A group of Atlantic humpback dolphin (Sousa teuszii) sighted in the near shore waters of southern Gabon. © Tim Collins

Integrated Conservation Planning for Cetaceans (ICPC) is a team of biologists, veterinarians, and population experts that was formed in response to the desperate situation for a number of critically endangered dolphin and porpoise species. Many of these species and populations have shallow-water distributions that entirely overlap areas used intensively by people. Most are declining due to “bycatch mortality” in fishing nets. For some, we already know extinction is imminent without concerted action to save them.

 

The report of the Ex Situ Options for Cetacean Conservation workshop recommended:

 

•that marine mammal conservationists around the world work together and act with urgency to consider critically needed conservation measures both in wild environments within the species’ geographic range (in situ) and in protected or modified environments within or outside that range (ex situ).

This holistic framework for species conservation planning is known as the One Plan approach and was developed by the IUCN Species Survival Commission’s Conservation Planning Specialist Group. The approach also features direct involvement of many stakeholders – conservation scientists, NGO representatives, government wildlife managers, local community leaders and industry representatives – combined with science-based decision making to improve species conservation planning. The resulting product is an integrated conservation plan.

 

The ICPC initiatives will follow IUCN guidelines and will consider both in situ measures and ex situ options to create and implement an integrated conservation plan for each threatened dolphin and porpoise species and population, prioritized by their conservation status, the imminence of catastrophic decline, and the potential for effective mitigation.

Why do we need integrated conservation planning for cetaceans ?

The extinction of the baiji and the catastrophic decline to the edge of extinction of the vaquita are both examples of doing too little too late and also having too few tools ready for emergencies. Integrated conservation plans explicitly consider all tools that may be needed to save species and to actively fill in knowledge gaps efficiently. Knowledge gaps for cetaceans are especially large and may take decades to fill, so the need for integrated planning is especially urgent.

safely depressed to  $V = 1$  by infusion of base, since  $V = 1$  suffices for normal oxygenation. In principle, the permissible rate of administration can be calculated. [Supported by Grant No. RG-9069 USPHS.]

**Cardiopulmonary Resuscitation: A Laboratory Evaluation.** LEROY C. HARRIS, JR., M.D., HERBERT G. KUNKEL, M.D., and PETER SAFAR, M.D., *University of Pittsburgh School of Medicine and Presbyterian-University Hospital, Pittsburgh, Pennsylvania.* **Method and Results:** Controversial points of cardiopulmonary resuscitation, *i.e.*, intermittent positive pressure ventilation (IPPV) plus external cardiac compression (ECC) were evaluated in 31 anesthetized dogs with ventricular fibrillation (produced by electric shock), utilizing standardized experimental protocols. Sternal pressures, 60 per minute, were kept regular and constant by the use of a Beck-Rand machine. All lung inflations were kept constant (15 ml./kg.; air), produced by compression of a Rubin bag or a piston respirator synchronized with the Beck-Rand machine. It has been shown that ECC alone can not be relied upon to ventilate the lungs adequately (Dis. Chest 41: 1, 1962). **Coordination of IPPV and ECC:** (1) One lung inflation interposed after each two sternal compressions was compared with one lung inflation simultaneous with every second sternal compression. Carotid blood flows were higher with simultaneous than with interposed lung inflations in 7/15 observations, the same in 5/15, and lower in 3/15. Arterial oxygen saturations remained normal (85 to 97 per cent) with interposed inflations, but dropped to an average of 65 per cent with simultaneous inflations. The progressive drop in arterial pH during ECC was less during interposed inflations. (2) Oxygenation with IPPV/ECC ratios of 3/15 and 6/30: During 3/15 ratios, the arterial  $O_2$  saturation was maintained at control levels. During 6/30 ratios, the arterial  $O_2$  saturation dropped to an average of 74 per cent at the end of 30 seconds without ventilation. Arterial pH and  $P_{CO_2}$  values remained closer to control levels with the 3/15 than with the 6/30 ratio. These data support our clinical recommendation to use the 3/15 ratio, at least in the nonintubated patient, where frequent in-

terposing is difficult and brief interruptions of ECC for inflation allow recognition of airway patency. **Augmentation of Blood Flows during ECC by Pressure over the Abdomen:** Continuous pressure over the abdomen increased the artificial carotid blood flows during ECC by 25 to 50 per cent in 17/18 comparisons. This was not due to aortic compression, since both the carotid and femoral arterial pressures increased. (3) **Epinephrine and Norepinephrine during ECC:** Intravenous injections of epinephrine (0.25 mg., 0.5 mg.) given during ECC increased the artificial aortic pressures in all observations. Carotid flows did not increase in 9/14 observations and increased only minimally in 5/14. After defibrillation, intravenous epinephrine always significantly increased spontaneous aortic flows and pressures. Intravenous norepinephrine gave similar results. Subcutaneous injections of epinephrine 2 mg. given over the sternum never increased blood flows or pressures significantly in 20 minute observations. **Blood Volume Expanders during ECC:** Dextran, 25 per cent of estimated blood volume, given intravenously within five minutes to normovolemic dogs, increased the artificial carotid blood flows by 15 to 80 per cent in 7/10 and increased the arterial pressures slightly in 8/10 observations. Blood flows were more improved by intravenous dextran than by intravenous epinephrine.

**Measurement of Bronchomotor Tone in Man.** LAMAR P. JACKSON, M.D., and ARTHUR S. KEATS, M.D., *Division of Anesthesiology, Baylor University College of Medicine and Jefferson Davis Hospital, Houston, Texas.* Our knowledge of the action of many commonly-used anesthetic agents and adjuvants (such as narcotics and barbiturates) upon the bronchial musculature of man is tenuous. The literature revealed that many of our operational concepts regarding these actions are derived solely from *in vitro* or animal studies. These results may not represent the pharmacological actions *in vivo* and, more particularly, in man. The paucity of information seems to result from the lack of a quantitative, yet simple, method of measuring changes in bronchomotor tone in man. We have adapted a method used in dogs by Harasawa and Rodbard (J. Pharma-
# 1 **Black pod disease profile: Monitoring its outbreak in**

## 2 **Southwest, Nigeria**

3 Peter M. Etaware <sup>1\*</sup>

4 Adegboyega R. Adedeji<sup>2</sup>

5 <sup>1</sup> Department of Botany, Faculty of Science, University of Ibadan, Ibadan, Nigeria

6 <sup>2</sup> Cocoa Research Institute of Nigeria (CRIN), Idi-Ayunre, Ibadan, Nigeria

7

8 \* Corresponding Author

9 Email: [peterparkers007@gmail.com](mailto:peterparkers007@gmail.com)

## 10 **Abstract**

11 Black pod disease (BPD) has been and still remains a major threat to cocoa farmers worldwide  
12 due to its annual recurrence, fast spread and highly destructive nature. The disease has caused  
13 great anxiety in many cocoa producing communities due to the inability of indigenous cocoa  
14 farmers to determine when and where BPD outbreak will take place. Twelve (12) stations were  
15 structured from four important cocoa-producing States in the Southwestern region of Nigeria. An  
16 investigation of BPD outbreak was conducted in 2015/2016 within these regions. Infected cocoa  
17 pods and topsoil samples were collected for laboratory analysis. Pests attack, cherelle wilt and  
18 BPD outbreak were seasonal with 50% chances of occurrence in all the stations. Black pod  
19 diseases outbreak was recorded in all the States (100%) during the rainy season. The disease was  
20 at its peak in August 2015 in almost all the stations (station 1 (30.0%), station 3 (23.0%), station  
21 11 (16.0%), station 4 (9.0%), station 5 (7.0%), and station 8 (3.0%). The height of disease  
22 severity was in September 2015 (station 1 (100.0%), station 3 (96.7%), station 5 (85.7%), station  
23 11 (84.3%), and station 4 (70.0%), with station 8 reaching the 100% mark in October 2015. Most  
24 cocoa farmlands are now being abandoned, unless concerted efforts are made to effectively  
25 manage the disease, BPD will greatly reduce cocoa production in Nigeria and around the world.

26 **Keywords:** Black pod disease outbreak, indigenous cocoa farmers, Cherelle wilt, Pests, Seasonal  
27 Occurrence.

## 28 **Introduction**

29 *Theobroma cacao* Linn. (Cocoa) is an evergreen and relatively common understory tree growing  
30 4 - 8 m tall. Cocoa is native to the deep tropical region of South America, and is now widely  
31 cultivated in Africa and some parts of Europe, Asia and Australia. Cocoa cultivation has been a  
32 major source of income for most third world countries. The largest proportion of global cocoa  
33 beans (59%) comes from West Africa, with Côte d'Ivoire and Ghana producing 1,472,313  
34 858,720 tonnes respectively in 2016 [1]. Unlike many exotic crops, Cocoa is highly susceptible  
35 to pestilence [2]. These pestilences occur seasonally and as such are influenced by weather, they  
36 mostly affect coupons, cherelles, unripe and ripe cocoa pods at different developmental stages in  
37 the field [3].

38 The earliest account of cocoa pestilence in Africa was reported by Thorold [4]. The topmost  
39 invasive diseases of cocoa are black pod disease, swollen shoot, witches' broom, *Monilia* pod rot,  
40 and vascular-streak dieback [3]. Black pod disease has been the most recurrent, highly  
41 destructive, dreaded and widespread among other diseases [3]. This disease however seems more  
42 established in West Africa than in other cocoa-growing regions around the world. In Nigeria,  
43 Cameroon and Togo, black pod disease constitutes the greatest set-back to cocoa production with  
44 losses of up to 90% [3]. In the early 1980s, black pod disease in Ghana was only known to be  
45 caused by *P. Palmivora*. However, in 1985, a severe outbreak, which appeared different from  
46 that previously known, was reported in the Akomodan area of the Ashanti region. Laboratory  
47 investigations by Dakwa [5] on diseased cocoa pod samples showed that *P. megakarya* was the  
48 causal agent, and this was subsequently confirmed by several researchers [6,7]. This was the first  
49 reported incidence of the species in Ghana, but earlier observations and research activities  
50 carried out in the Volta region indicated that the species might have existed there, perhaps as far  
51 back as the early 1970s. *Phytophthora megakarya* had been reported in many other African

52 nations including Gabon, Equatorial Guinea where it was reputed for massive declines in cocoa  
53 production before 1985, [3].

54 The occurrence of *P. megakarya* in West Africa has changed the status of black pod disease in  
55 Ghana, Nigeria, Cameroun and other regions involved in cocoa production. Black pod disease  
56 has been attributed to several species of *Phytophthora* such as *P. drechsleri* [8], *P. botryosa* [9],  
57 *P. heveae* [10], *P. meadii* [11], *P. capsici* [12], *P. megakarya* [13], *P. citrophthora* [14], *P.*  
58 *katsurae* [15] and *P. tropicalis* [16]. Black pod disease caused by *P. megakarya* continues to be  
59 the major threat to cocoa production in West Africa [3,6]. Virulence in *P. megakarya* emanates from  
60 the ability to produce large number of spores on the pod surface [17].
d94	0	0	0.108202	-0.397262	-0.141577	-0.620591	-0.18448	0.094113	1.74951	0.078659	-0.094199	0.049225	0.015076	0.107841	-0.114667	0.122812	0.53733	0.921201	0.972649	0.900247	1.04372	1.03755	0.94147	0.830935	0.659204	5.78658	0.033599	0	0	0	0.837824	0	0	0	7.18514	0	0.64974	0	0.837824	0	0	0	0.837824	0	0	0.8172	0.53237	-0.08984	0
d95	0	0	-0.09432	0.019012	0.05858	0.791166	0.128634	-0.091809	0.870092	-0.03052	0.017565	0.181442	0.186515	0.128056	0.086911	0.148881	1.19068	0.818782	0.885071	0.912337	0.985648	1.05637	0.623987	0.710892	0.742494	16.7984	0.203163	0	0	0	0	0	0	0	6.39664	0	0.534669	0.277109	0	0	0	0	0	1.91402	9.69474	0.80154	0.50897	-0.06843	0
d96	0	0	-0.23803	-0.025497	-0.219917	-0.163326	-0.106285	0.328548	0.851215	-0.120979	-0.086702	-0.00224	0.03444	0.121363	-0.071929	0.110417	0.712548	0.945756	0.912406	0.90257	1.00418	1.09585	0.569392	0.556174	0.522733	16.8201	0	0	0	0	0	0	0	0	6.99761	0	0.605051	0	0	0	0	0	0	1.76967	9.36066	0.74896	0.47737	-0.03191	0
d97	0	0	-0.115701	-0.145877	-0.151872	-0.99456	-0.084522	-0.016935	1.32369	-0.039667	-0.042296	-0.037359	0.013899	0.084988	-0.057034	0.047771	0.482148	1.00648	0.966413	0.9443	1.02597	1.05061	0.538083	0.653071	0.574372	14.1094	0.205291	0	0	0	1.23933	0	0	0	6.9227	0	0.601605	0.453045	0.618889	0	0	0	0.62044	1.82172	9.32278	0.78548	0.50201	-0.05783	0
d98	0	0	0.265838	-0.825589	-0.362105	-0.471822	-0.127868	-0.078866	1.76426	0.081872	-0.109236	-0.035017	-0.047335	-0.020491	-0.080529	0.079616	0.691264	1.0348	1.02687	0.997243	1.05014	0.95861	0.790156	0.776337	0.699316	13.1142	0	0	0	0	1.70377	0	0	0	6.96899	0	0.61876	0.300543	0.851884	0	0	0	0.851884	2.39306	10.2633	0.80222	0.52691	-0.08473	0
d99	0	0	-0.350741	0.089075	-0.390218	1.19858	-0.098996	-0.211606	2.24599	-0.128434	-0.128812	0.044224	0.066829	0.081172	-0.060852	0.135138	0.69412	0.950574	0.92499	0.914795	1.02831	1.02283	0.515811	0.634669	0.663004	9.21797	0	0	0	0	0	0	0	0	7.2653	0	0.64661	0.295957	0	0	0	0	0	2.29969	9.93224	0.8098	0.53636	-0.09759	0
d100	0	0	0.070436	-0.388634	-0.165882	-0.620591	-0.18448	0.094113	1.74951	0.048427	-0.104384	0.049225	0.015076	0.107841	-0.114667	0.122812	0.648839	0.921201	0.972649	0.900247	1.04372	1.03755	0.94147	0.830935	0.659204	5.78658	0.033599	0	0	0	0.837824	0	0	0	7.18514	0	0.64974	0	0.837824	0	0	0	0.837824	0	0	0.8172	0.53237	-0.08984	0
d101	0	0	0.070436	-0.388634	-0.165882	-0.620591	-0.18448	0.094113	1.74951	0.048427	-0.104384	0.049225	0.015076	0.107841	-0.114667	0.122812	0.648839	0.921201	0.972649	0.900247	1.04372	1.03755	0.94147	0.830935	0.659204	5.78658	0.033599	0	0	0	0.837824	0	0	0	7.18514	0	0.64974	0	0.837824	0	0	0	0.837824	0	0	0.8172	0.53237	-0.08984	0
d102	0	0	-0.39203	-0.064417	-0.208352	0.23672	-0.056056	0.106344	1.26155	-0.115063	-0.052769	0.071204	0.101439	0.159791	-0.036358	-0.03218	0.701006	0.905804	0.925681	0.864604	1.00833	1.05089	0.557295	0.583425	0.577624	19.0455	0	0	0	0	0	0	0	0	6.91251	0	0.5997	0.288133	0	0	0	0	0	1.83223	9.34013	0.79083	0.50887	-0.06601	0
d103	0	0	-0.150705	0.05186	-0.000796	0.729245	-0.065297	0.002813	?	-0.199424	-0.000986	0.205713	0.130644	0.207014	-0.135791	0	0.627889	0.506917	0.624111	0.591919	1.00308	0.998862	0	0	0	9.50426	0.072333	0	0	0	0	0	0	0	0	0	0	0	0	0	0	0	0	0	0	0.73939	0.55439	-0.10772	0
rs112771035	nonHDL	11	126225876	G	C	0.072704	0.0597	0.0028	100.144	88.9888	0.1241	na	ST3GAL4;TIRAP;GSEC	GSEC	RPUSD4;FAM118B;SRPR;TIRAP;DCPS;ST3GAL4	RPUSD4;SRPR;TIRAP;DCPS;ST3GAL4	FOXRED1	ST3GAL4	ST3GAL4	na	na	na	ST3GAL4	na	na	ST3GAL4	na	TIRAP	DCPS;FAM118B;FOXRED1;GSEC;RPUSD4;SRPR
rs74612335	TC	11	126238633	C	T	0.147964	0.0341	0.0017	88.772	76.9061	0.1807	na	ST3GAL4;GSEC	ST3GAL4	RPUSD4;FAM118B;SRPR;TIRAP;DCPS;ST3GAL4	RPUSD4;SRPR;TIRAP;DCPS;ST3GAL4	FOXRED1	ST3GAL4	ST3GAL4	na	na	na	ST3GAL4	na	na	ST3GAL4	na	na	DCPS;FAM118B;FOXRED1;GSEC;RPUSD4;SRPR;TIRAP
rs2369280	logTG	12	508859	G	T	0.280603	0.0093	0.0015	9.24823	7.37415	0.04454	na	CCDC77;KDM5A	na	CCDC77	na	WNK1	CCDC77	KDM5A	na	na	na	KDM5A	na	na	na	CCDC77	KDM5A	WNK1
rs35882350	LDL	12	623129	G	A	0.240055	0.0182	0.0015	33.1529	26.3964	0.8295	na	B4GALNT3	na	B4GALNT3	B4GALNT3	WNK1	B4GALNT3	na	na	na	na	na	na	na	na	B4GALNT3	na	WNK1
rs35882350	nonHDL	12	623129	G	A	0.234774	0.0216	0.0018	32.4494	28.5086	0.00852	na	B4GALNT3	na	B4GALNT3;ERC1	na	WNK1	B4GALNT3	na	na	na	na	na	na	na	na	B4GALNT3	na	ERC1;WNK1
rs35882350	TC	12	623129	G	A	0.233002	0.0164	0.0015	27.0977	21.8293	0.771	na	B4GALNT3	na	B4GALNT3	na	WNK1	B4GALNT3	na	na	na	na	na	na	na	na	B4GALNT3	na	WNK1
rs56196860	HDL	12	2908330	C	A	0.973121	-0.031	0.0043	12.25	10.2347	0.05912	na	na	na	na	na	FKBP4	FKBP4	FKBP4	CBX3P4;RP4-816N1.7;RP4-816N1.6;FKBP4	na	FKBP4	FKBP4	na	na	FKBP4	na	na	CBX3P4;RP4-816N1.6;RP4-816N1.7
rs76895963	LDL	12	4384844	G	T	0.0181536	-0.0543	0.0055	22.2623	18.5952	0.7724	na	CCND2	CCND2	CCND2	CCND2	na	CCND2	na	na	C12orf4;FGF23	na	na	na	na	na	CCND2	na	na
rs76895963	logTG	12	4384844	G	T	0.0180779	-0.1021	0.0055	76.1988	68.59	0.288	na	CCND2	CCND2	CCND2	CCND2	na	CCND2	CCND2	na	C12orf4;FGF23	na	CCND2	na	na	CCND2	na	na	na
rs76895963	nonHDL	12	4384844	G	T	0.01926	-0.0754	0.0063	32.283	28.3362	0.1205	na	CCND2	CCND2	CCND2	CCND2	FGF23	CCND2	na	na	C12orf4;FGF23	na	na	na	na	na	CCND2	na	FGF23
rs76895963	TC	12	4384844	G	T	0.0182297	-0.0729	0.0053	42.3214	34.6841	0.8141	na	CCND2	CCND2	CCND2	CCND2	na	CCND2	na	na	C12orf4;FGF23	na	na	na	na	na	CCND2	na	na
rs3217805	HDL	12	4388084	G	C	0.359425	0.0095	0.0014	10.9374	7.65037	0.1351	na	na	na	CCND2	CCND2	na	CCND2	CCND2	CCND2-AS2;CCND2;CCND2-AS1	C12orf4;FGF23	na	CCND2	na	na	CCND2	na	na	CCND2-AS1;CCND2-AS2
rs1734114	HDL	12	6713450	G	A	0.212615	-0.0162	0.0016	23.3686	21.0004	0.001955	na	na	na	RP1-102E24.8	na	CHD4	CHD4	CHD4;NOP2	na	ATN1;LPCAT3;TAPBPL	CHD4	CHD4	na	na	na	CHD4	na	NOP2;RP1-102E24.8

What is integrated conservation planning ?

Integrated planning takes advantage of a wide variety of expertise of marine mammal conservationists, working together to consider critically needed conservation measures. The range of potential conservation measures considered can include both those in wild environments within the species’ geographic range (in situ) and in protected or modified environments within or outside that range (ex situ). The resulting action plan is considered an integrated conservation plan, even if after careful consideration no ex situ conservation measures are determined to be justified or necessary.

 

What is ex situ conservation ?

People frequently associate the term “ex situ conservation” only with captive breeding in zoos and aquariums. In reality, beside captive breeding ex situ approaches comprise a variety of actions including safeguarding animals in protected environments such as semi-natural reserves to prevent species extinction, rescue and release of stranded or otherwise incapacitated individuals, and rescuing animals from imminent threats like a disease outbreak or a climate catastrophe.

Download the complete report from the Nuremberg workshop ``Ex Situ Options for Cetacean Conservation``Download the complete report from the Nuremberg workshop ``Ex Situ Options for Cetacean Conservation`` Download workshop report Executive summary (English, French, German, Japanese, Chinese, Portuguese, Spanish)Download workshop report Executive summary (English, French, German, Japanese, Chinese, Portuguese, Spanish)

Yangtze finless porpoise (Neophocaena asiaeorientalis asiaeorientalis) encircled during a translocation program, Poyang lake, China. Using a gradual reduction in net perimeter following initial capture has eliminated mortality in translocation and health assessment processes. © Baoyan Gao

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